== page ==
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Romanes eunt domus?

I’ve been learning Latin for the past five months and I’m enjoying every moment of it. Don’t ask me to say anything, because I barely can on request. With help from my partner (she went to a fancy school and knows it already), I’m learning from the Cambridge Latin Course, which is fantastic. The way it builds up your understanding of the language in the context of a family in ancient world (Pompeii) is effective, and marvellous fun. The first book concerns itself mainly with simple translations at the moment, copying sentences out, finding the right verb/noun/tense and so on. Apparently in future books, there’s more going from converting English into Latin, but overall I’m finding it much better than memorising declensions right off the bat. And certainly better than the above…

What’s impressed me the most about learning Latin, however, is how it helps you understand the structure of language, even in English. You start looking at the way words fall on the page in completely different ways. It’s not the reason I wanted to learn it, but it’s certainly a fascinating afterthought. The main thing, however, is that it’s simply nice to be learning another language – even a dead one.

By Mark Newton

Born in 1981, live in the UK. I write about strange things.

8 replies on “Romanes eunt domus?”

Have fun with that 🙂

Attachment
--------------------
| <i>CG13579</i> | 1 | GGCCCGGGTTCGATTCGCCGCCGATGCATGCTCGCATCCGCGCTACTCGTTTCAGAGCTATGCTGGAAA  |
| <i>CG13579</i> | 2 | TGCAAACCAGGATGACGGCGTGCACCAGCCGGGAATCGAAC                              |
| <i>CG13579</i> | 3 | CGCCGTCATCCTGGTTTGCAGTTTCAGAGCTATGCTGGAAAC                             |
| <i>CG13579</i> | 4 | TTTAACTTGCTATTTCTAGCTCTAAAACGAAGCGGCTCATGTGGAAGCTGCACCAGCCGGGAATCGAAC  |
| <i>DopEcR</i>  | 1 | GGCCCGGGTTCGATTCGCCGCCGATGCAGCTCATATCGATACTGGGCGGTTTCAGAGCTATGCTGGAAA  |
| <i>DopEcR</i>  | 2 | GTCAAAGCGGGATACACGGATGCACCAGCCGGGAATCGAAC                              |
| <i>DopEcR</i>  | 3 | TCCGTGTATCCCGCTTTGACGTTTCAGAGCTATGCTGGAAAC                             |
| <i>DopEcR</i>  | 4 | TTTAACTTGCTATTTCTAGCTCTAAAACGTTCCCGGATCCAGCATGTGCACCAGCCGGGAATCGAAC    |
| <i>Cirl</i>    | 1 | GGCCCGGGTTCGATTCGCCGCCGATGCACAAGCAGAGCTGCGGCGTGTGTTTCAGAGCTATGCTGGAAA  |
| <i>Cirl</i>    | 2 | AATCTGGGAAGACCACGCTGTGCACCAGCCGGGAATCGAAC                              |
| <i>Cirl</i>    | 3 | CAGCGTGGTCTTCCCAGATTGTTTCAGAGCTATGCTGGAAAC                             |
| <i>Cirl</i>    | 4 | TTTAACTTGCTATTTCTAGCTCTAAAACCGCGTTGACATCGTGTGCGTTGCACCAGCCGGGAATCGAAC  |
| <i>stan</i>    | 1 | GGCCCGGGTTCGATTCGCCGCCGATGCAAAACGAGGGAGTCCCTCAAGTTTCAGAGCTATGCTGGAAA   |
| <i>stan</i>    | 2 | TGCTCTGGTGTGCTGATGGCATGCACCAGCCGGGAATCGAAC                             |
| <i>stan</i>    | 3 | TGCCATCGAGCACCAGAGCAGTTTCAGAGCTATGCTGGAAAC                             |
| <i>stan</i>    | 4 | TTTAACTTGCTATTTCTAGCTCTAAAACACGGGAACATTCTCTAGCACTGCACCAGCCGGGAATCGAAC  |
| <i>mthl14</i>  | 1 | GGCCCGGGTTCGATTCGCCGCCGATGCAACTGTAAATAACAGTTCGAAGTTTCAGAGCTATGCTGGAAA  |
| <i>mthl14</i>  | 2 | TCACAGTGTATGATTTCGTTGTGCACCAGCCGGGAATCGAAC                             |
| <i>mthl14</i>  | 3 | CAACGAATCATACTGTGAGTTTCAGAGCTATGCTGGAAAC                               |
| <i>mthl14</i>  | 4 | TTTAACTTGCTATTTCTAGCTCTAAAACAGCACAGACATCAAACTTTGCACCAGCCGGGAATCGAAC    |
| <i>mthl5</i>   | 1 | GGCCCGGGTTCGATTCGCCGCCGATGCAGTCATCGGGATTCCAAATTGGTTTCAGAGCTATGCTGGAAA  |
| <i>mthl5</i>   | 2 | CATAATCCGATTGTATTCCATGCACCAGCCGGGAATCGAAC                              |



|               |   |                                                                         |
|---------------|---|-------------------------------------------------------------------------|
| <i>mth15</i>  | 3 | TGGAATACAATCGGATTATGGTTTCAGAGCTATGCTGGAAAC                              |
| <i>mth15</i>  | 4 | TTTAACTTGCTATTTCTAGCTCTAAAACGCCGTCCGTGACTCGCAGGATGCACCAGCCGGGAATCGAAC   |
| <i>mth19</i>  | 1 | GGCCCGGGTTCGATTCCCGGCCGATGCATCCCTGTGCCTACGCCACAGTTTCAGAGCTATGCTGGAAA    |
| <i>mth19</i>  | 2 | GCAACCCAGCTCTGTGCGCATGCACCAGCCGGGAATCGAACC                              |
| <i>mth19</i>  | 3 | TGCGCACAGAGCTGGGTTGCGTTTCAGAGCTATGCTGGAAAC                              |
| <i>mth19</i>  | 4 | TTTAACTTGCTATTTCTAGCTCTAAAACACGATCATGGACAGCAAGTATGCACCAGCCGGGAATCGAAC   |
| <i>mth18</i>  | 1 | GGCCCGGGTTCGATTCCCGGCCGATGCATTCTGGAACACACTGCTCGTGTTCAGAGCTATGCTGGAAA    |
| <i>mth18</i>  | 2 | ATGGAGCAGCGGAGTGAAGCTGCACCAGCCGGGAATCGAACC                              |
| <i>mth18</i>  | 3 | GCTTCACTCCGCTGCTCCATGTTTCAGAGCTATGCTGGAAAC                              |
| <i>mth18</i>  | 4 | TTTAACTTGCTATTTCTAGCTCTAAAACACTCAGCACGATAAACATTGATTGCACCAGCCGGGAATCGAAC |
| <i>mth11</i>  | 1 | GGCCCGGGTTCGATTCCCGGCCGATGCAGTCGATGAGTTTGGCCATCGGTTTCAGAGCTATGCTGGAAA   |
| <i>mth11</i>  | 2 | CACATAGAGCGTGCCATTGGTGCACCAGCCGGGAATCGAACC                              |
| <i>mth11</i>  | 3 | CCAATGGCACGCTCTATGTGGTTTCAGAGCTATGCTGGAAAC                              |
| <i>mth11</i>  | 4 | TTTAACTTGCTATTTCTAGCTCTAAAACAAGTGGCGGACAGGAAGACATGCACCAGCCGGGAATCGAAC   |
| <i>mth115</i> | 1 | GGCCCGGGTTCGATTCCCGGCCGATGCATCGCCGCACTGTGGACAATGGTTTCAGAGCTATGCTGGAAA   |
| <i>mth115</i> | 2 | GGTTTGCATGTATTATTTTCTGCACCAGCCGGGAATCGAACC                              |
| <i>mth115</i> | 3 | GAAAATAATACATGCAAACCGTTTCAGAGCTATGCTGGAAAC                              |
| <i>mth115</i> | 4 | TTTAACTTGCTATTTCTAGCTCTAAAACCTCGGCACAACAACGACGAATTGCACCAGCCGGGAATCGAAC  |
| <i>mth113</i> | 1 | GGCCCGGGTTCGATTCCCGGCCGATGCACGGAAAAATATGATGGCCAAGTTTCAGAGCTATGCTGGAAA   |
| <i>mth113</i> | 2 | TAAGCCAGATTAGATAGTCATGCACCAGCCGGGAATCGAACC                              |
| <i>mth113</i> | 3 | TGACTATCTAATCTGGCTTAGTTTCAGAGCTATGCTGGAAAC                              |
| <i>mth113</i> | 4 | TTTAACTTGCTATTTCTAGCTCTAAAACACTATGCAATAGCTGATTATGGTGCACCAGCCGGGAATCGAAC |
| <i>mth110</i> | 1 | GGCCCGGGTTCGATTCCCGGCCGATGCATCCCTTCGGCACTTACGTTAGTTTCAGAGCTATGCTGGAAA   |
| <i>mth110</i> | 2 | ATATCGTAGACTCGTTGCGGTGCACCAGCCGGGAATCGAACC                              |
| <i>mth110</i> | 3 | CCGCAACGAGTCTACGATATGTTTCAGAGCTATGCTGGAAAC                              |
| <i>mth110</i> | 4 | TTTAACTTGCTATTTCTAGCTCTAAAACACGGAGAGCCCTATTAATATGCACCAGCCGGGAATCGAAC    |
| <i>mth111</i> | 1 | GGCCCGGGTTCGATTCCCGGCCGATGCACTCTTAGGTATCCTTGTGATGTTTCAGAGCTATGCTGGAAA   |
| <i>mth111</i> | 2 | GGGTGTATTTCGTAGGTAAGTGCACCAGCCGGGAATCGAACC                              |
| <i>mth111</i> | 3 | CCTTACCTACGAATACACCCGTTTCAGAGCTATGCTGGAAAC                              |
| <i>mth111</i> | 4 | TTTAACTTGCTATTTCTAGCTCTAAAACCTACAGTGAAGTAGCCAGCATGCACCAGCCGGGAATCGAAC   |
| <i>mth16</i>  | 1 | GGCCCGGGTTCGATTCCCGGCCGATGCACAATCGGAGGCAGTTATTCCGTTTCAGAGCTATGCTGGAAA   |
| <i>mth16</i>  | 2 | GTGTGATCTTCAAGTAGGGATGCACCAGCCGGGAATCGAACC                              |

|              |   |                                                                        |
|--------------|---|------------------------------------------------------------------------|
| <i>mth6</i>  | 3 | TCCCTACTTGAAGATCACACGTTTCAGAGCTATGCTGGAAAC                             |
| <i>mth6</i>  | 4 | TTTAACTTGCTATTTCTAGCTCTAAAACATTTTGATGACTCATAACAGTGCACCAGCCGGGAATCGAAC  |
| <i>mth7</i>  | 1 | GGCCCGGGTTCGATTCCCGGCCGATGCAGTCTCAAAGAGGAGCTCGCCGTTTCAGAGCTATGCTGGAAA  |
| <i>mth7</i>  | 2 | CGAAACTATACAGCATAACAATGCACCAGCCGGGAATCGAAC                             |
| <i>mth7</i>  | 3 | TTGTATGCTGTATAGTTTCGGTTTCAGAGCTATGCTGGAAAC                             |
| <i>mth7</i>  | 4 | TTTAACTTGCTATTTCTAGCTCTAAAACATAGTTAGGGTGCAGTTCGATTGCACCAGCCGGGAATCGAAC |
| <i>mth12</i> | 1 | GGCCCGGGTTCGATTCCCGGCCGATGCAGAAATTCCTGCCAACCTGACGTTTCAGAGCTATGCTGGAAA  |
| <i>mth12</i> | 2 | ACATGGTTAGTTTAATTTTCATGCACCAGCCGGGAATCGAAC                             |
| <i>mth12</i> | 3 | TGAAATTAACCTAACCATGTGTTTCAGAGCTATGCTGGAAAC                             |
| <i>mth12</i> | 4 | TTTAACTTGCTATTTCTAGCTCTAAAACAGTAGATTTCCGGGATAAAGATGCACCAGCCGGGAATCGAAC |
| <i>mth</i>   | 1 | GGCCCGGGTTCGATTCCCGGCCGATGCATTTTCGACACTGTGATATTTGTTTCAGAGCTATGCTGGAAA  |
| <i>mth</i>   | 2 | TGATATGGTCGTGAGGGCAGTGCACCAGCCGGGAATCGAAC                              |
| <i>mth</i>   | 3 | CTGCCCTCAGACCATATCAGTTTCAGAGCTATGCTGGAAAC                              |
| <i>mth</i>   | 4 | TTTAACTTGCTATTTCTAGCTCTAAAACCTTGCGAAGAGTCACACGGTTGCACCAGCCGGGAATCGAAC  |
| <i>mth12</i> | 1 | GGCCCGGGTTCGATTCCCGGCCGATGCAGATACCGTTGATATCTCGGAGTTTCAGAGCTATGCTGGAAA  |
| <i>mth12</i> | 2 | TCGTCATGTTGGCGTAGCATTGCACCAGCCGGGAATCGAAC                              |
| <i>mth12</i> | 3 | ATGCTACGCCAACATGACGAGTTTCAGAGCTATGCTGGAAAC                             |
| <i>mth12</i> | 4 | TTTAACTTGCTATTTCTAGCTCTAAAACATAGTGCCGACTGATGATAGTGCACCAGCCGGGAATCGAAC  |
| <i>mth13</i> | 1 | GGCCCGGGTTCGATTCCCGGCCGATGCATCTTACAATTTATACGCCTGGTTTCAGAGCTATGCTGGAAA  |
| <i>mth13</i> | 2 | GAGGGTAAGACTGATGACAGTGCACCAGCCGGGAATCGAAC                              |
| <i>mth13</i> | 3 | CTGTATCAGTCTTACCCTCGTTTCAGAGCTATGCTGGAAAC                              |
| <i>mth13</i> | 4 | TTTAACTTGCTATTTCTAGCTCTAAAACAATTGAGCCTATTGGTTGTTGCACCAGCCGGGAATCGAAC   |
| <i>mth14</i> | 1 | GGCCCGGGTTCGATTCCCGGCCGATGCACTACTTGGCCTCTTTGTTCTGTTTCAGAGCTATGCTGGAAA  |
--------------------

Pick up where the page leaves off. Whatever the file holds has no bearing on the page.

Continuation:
I had to pass a certified Latin exam to make my master/magister in history at the university, like you I started from scratch and it took me over 18 months to prepare for that. We read, translated and interpreted the works of Cicero and Seneca, which was quite fun after getting over the first basic barrier of declension, participles, the free word order and such.

Imo it is amazing how your perception of your native and second languages changes once you know some Latin. And talk about shared vocabulary of the european languages, especially the english words which can be easily traced back to Latin !

Hi Sebert,

I know precisely what you mean about that first basic barrier. I think I got over that last month and, ever since, I’ve had a far greater thirst for learning more words and structures. 

And yes – when you see the origins of contemporary words, it’s amazing to see just how long they’ve been in use and have spread. 

I took Latin at school, in good old family tradition. My grandfather was a teacher for Latin and Ancient Greek and actually spoke both languages (I never got that far). When he ended up in an American POW in Italy during WW2, he met an officer there who was a lover of Ancient history and languages as well, and they conversed in Latin, my granfather not having much English. The friendship between them was forbidden from both sides, yet they maintained it into more relaxed times until my grandfather’s death. They kept writing letters in Latin.

Hi Gabriele,

What a lovely story – thanks for sharing it. And it’s amazing that they still conversed in Latin. You win the Internet tonight!

Do you know how one found out that the other spoke Latin?

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